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The Fly And I

A Kenyon student’s personal essay on living with chronic illness.

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In. Out. In. Out. You’ve gotten through this before. You will do it again. This storm too shall  pass. 

I am laying on the cold bathroom floor, watching the fly buzz around in front of me. It is flittering around the small room, going from wall to wall, never staying in one place for more  than a few seconds. I have considered catching it, but why make the fly’s night as miserable as  mine? Why not provide it comfort from the storm? And let me be honest, I am in no state to get  off the floor and catch a pesky fly. 

In. Out. In. Out. You’ve gotten through this before. You will do it again. 

You’re likely wondering what I’m doing, laying on my bathroom floor at 11 pm on a Thursday  night. I guess the answer comes down to the fact that my body hates me. It’s like the fly – never  leaving me a moment of peace, always reminding me of its unwanted presence. I had been in this exact same position only a week prior. But even so, I had not been ready for this flareup, for my medical treatment to backfire, and for it to leave me worse off than before. I know it’s always  a possibility, but usually it only happens once a month. Sometimes, I even get a blissful two  months without one. But two weeks in a row? No, I wasn’t ready for this. This was not the way it  was supposed to work. 

I suppose that is the root of my problem. Nothing ever works the way it  should with my body. We have a routine – flush out the colon every night, a severe bowel blockage once a month, joints on fire in the morning, migraine once a week – but as soon as I get used to it, my body switches the routine on me. I constantly wonder what it would be like to not be at war with my body. My body and soul – they don’t live in harmony. The desires of one are always clashing with the other. And as much as I see myself as a fighter, I’ve found that my body usually comes out the winner. 

In. Out. In. Out. You’ve gotten through this before. 

In truth, I had known half an hour before now that my colon would flare up, but in true Morgan  fashion, I had denied it. I knew when I looked up at the purple gravity bag and saw the drip, drip, drip of the medicine had ceased, no longer being pumped into my colon through a small hole in my belly button. I knew when I could feel my colon expanding, blowing up like a balloon and causing my abdomen to stretch. I knew when I looked down, this feeling confirmed by the sight of my swollen stomach, an incessant cause of embarrassment for me. I knew because all the signs were there. And yet, I ignored them because there was nothing I could do to stop it. It was easier to deny the truth of what my evening would hold. I had opted to pretend that everything would be alright. To pretend my body would be kind to me tonight.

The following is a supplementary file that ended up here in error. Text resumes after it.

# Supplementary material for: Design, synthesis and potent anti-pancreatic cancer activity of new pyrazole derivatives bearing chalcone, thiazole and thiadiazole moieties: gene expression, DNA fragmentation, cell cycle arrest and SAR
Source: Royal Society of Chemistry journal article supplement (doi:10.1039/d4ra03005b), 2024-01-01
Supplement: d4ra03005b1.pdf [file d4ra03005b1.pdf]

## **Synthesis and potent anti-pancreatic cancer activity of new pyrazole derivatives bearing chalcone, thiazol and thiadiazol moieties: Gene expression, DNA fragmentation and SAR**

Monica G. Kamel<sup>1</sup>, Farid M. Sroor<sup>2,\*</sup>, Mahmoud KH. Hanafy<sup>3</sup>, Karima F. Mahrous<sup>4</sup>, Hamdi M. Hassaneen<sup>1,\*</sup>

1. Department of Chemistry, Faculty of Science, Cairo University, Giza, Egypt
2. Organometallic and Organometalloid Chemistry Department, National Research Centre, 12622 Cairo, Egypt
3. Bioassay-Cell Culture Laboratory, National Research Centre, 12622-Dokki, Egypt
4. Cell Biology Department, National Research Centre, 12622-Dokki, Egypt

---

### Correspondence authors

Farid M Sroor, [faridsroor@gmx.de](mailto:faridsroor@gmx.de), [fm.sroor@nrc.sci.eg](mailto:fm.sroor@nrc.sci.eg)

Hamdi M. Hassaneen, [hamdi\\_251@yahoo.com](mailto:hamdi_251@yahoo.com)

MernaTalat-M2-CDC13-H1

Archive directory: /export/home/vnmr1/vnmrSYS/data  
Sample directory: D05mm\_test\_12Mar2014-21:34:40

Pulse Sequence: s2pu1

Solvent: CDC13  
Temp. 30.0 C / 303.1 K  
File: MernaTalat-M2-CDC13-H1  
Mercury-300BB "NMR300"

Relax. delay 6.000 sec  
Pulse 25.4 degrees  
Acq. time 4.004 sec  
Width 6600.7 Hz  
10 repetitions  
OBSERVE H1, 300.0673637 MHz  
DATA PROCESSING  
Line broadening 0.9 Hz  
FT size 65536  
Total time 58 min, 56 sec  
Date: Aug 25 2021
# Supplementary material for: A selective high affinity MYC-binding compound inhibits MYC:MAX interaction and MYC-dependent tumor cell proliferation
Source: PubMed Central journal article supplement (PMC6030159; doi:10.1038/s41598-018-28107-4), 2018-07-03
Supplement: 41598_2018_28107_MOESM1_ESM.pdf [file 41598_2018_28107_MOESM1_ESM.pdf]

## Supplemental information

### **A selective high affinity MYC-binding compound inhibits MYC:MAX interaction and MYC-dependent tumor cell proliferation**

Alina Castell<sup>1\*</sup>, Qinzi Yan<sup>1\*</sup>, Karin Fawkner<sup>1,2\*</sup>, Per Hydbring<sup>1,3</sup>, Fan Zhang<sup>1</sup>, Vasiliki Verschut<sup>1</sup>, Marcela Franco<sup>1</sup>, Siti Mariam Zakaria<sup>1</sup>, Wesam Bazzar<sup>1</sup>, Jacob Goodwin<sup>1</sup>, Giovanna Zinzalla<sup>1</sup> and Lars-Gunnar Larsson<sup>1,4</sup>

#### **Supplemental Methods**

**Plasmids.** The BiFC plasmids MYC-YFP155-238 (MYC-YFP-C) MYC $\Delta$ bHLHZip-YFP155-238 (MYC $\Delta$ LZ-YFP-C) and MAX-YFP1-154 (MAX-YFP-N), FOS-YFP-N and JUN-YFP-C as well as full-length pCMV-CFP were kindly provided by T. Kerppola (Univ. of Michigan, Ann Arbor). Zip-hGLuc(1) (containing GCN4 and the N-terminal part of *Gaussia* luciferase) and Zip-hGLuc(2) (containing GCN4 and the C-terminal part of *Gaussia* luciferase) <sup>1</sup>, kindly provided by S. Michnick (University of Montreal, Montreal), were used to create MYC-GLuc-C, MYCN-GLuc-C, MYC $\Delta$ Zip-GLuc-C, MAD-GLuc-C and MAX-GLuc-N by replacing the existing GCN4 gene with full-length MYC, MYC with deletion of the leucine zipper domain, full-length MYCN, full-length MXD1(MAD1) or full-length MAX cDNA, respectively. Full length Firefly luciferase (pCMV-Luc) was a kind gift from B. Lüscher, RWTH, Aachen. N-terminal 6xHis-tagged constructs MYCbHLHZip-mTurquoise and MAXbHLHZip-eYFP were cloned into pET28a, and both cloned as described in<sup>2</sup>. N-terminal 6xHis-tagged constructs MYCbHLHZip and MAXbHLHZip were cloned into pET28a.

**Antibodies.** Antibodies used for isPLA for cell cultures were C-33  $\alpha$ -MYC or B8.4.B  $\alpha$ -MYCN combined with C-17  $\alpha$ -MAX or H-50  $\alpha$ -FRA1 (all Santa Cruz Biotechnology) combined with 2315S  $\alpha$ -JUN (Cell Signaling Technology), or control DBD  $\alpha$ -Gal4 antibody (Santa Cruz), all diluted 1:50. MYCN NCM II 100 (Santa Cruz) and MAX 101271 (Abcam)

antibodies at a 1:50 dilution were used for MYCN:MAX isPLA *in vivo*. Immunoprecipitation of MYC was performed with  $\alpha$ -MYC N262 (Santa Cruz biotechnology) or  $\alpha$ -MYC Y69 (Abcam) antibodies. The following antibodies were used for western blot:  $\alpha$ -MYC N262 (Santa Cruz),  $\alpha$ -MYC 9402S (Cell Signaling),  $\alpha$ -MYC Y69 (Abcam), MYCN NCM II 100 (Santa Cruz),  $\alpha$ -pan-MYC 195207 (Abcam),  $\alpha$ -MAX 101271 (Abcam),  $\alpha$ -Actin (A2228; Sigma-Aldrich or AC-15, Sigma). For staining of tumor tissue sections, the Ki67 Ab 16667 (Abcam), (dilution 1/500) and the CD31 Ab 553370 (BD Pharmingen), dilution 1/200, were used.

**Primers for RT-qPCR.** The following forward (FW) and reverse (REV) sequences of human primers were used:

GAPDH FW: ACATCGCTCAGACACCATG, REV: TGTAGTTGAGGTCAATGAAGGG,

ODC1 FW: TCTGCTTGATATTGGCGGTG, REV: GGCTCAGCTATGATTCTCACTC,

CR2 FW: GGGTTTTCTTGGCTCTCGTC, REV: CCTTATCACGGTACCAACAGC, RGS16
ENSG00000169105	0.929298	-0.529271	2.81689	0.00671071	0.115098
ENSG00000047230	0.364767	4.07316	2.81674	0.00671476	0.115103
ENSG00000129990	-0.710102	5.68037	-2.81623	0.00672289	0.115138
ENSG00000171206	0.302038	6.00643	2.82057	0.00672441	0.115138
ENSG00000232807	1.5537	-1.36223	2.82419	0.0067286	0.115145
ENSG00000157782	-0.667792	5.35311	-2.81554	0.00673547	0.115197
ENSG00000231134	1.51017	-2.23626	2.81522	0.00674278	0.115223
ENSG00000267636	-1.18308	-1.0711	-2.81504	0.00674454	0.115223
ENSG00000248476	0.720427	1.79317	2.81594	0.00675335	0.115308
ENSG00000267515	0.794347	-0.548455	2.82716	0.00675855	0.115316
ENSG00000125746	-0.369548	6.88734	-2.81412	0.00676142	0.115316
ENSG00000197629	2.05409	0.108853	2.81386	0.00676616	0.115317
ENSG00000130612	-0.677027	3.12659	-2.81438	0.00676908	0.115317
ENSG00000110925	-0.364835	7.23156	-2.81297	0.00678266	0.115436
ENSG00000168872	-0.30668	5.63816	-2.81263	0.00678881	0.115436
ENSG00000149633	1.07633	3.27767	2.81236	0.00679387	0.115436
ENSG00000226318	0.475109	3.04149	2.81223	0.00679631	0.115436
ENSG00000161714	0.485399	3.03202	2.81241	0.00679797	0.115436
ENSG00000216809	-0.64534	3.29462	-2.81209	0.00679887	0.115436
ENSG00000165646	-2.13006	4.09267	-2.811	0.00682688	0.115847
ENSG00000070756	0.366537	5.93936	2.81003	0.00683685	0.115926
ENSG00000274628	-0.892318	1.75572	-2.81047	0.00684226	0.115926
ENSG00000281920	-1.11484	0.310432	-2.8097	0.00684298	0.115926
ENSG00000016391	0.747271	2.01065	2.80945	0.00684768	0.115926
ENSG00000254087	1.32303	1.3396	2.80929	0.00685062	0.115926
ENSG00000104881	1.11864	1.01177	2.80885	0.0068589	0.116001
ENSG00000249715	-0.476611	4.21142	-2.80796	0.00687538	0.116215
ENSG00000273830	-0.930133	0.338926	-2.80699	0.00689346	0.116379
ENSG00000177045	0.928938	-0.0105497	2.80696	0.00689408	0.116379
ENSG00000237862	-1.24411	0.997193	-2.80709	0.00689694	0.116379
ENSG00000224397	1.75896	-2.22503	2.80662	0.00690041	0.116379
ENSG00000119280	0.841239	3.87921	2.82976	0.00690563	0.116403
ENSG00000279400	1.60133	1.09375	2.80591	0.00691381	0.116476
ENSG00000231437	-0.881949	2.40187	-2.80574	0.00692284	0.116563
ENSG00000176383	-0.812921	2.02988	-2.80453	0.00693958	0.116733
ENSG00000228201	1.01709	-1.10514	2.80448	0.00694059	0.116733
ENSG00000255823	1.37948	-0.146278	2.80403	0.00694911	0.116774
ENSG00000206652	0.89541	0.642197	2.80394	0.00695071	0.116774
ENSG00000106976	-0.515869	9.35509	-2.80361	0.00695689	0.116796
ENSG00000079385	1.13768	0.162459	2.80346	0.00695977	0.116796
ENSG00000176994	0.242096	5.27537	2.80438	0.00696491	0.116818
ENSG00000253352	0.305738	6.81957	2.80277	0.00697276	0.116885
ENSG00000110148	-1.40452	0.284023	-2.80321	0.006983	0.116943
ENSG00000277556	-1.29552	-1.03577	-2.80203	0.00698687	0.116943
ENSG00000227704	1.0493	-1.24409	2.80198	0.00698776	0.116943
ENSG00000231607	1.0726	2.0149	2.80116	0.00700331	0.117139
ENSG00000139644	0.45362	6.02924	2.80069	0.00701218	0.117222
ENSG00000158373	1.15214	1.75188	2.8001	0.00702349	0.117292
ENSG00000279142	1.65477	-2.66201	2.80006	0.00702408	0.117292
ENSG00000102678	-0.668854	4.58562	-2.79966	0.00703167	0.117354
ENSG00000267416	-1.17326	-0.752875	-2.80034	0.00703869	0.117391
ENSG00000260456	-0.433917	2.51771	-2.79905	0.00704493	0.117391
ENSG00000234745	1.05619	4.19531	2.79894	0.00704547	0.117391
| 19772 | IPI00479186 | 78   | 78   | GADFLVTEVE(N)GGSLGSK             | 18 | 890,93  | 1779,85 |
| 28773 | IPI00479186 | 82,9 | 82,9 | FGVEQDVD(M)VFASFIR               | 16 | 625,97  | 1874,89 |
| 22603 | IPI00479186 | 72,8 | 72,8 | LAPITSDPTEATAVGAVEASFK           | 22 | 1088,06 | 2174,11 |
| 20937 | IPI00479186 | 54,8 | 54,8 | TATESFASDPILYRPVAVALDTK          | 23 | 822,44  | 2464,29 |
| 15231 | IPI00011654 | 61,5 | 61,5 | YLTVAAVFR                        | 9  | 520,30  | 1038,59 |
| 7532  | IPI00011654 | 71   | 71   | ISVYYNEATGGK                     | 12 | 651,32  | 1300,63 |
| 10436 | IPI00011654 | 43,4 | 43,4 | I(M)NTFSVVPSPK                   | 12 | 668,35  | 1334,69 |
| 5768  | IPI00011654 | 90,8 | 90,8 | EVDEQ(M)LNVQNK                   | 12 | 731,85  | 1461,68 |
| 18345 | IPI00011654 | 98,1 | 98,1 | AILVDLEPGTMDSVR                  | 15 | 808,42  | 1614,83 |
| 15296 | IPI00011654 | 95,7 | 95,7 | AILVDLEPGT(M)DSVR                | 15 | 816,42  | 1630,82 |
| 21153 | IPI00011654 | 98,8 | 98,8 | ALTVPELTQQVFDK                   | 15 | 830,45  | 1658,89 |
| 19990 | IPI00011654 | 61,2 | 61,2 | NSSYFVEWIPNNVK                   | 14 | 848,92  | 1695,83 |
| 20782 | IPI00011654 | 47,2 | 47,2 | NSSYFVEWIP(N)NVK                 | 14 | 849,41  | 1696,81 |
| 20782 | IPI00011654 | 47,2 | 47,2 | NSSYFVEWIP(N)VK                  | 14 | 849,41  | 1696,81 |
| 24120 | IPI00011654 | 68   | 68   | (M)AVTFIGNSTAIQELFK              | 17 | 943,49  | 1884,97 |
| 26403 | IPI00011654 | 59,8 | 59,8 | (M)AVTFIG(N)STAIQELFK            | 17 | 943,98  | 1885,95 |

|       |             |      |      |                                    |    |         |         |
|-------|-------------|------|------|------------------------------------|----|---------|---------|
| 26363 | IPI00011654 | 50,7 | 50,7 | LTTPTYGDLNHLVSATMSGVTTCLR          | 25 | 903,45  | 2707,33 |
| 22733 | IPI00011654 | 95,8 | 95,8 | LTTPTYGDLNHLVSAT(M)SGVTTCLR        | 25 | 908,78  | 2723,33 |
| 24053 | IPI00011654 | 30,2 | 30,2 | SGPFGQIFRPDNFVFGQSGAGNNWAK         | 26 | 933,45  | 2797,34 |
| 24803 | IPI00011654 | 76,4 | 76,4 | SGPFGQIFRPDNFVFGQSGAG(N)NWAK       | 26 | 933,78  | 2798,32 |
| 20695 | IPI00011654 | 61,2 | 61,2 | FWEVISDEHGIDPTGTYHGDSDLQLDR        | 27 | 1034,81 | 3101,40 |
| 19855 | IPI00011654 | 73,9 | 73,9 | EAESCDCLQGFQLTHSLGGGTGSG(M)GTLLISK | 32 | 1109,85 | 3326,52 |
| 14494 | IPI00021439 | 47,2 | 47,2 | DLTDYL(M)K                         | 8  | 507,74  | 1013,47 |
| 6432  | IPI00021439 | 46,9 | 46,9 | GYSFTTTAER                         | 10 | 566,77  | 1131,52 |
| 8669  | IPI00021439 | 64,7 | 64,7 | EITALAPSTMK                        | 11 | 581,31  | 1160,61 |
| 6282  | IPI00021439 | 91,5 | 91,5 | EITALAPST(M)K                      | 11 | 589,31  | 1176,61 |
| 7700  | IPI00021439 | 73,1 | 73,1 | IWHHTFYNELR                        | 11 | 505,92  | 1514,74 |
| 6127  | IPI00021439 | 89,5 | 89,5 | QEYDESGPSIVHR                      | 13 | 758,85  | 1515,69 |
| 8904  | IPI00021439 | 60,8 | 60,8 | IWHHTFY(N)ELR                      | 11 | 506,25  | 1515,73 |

In. Out. In. Out. 

The fly is now resting on the wall, staring at me. What I wouldn’t give to be a simple fly. They only live between 15 and 30 days, did you know that? A short life, but probably one without pain  and suffering. I bet the fly didn’t have to worry each night if it would end up practically lifeless on a bathroom floor. Another wave of pain washes over me, forcing me to tear my eyes away from the fly as I pull my limbs into a fetal position. Maybe it could somehow protect me from the attack coming from within. I knew I just needed to stay calm. Panicking always made things worse.